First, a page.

In a previous post I reported about students at Manchester University, UK, expressing their dismay at being taught orthodox, free-market economics and little else, even though since 2008 much of this has been discredited. It seems the students at Manchester were not alone in their disquiet.
Today, The Guardian reports that the Treasury is hosting a conference in London to discuss the crisis in economics teaching, which has ‘remained largely unchanged since 2008’. Michael Joffe, a professor of economics at Imperial College, London, has called for economics courses to embrace the teachings of Marx and Keynes to undermine the dominance of neoclassical free-market theories. He adds that ‘the aim should be to provide analysis based on the way the world works, not on the way theories argue it ought to work’.
On this basis I would like to see more talk about values when discussing the economy. At the moment we have an almost unquestioning adherence to GDP and ‘growth’ when assessing the importance of economic activity. Growth is seen as a measure of progress. Vandana Shiva calls it ‘the most powerful number and dominant concept of our time’. She argues it hides the poverty it creates. Work done for ourselves and our communities is not part of GDP, neither is nature’s wealth. For example, water might be freely available from a river. This does not count as GDP. If you can restrict access to this river, bottle the water and sell it, GDP increases. So does poverty for those who previously had a free water supply. The same could be said about child care – care for your own children and it doesn’t ‘count’. Care for somebody else’s and get paid for it – that counts.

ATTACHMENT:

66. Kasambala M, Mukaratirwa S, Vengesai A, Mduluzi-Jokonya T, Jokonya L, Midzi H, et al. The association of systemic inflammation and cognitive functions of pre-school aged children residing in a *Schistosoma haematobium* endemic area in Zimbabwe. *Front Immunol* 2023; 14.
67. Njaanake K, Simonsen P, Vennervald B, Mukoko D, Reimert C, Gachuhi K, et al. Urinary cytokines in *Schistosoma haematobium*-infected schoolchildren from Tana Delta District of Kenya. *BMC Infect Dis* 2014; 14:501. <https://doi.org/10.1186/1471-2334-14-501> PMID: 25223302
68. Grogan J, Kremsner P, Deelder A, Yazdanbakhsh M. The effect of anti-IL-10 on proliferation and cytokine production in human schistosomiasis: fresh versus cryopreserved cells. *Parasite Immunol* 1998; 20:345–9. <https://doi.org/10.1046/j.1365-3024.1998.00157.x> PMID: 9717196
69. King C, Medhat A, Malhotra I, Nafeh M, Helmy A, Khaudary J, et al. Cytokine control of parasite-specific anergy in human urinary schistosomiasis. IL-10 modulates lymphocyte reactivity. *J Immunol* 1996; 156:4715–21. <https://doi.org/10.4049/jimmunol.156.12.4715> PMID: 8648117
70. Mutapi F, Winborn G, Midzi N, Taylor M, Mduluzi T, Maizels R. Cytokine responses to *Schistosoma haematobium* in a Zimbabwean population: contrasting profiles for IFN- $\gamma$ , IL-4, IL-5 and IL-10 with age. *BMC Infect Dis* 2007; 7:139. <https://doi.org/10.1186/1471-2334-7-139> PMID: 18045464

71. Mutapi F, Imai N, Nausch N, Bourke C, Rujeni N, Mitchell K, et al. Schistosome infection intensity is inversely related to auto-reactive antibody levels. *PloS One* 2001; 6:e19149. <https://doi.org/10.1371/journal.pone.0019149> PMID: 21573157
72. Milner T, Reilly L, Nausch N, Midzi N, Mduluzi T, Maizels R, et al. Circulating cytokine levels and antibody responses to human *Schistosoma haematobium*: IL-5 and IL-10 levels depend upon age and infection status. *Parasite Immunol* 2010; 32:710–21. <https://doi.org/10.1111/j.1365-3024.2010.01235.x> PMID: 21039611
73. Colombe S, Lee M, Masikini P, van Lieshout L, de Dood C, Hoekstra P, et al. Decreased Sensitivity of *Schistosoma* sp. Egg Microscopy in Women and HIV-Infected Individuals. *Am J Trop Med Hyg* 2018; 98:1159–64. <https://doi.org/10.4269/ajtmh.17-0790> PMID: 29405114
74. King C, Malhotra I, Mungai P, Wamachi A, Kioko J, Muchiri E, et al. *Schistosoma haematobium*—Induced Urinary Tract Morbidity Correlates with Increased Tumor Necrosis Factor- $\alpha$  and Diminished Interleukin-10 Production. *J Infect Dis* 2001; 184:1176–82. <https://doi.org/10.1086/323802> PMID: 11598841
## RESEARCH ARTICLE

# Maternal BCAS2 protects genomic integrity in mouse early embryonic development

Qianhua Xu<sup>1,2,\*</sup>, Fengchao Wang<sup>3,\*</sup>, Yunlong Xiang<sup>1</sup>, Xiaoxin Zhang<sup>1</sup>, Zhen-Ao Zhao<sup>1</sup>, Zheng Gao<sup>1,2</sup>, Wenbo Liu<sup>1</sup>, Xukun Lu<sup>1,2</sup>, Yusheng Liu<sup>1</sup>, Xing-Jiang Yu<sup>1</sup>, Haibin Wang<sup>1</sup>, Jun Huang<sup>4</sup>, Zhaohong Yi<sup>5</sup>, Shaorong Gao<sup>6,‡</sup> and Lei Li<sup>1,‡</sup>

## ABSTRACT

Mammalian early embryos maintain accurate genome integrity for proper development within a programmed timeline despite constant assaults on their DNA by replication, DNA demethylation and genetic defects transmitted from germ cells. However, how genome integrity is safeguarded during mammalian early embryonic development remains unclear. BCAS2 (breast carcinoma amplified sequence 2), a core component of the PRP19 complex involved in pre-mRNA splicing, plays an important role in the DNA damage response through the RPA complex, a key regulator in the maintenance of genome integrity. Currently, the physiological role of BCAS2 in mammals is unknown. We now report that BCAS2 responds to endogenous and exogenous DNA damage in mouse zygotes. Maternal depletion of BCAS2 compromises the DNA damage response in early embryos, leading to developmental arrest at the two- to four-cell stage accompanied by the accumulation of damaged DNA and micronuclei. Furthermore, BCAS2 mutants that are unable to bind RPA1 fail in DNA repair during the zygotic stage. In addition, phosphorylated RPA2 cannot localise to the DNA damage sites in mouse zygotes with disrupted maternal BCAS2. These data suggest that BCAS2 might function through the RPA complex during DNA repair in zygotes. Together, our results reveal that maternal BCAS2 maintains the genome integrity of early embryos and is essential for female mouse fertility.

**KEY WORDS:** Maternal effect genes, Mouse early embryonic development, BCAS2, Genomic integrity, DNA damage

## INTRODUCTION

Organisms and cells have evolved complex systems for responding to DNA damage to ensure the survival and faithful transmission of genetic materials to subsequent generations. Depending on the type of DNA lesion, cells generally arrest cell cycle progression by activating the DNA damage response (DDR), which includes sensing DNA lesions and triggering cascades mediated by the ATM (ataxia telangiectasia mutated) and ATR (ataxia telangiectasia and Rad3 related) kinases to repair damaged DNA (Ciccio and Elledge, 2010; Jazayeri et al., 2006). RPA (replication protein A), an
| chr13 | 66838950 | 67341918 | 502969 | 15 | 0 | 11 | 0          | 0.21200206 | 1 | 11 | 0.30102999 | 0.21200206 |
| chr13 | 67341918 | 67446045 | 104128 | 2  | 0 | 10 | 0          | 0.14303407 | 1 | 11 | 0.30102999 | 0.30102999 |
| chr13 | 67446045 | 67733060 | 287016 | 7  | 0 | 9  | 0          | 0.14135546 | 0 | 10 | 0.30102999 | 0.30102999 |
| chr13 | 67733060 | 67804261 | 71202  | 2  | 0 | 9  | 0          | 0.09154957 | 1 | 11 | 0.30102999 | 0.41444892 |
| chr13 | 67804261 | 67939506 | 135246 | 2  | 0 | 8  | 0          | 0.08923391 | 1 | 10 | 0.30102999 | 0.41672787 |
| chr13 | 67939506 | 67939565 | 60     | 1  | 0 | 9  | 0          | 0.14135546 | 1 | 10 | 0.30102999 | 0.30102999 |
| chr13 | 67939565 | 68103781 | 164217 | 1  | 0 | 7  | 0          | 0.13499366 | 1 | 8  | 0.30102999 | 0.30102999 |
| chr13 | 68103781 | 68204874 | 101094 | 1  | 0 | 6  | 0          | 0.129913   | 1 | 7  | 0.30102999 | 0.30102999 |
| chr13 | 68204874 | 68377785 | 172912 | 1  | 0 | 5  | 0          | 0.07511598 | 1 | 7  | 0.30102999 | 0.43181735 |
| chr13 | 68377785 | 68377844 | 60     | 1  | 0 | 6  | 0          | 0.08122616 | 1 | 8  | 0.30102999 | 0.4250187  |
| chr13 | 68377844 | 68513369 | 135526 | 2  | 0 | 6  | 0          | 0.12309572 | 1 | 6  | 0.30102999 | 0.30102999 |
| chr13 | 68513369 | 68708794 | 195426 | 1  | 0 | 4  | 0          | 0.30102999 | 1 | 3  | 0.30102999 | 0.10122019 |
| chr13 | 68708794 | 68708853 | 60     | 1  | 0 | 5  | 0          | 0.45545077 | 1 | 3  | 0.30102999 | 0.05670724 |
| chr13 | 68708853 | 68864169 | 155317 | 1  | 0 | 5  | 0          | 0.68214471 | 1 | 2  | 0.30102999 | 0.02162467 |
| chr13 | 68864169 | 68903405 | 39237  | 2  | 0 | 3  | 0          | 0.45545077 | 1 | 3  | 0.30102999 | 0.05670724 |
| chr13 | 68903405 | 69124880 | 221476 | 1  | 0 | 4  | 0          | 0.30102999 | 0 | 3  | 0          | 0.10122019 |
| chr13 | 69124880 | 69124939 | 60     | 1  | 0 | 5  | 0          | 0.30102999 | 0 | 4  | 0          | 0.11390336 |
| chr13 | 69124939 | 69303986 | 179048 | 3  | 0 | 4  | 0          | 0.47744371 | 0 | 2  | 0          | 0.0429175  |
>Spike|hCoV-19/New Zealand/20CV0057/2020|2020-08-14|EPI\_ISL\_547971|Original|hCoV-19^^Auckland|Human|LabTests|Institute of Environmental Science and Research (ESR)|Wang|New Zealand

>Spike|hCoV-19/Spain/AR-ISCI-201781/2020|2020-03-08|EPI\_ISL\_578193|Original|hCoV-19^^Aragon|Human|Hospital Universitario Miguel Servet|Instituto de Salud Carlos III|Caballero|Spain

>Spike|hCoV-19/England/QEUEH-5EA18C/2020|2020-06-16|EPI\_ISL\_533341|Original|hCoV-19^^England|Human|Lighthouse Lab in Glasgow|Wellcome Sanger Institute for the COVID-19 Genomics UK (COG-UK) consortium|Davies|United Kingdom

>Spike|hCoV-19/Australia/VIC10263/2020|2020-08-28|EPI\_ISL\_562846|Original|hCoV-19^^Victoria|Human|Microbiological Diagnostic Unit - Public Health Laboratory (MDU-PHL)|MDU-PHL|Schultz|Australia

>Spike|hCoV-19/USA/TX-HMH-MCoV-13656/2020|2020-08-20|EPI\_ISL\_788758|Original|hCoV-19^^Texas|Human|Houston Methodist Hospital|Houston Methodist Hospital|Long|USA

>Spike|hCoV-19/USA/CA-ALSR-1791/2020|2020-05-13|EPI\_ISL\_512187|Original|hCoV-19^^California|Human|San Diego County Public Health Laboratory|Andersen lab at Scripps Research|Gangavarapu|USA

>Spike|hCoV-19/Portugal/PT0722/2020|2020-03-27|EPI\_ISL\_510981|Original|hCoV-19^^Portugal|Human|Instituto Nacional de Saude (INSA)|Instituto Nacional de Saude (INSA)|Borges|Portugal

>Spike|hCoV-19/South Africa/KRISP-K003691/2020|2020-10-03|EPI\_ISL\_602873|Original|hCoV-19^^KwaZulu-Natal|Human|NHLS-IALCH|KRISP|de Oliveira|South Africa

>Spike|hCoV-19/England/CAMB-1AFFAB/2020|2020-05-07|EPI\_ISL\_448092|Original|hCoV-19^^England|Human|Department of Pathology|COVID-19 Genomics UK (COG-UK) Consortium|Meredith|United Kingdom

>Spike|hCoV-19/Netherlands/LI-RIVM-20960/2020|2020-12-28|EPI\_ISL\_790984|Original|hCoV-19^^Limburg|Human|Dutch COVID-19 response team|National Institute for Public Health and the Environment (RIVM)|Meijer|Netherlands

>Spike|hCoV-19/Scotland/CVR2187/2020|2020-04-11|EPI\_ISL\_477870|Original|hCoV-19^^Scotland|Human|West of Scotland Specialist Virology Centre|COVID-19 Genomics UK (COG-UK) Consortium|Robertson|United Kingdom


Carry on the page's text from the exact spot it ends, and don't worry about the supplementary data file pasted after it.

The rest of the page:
So often, what makes ‘economic sense’ flies in the face of the values and aspirations ordinary people have. Nobel prize winner Amartya Sen understood this when he devised his ‘capability approach’ to economics. This so-called ‘welfare economics’ seeks to evaluate economic policies in terms of their effects on the well-being of the community. As Shiva puts it ‘GDP does not capture the human condition ….. We need to create measures beyond GDP, and economies beyond the global supermarket, to rejuvenate real wealth. We need to remember that the real currency of life is life itself’.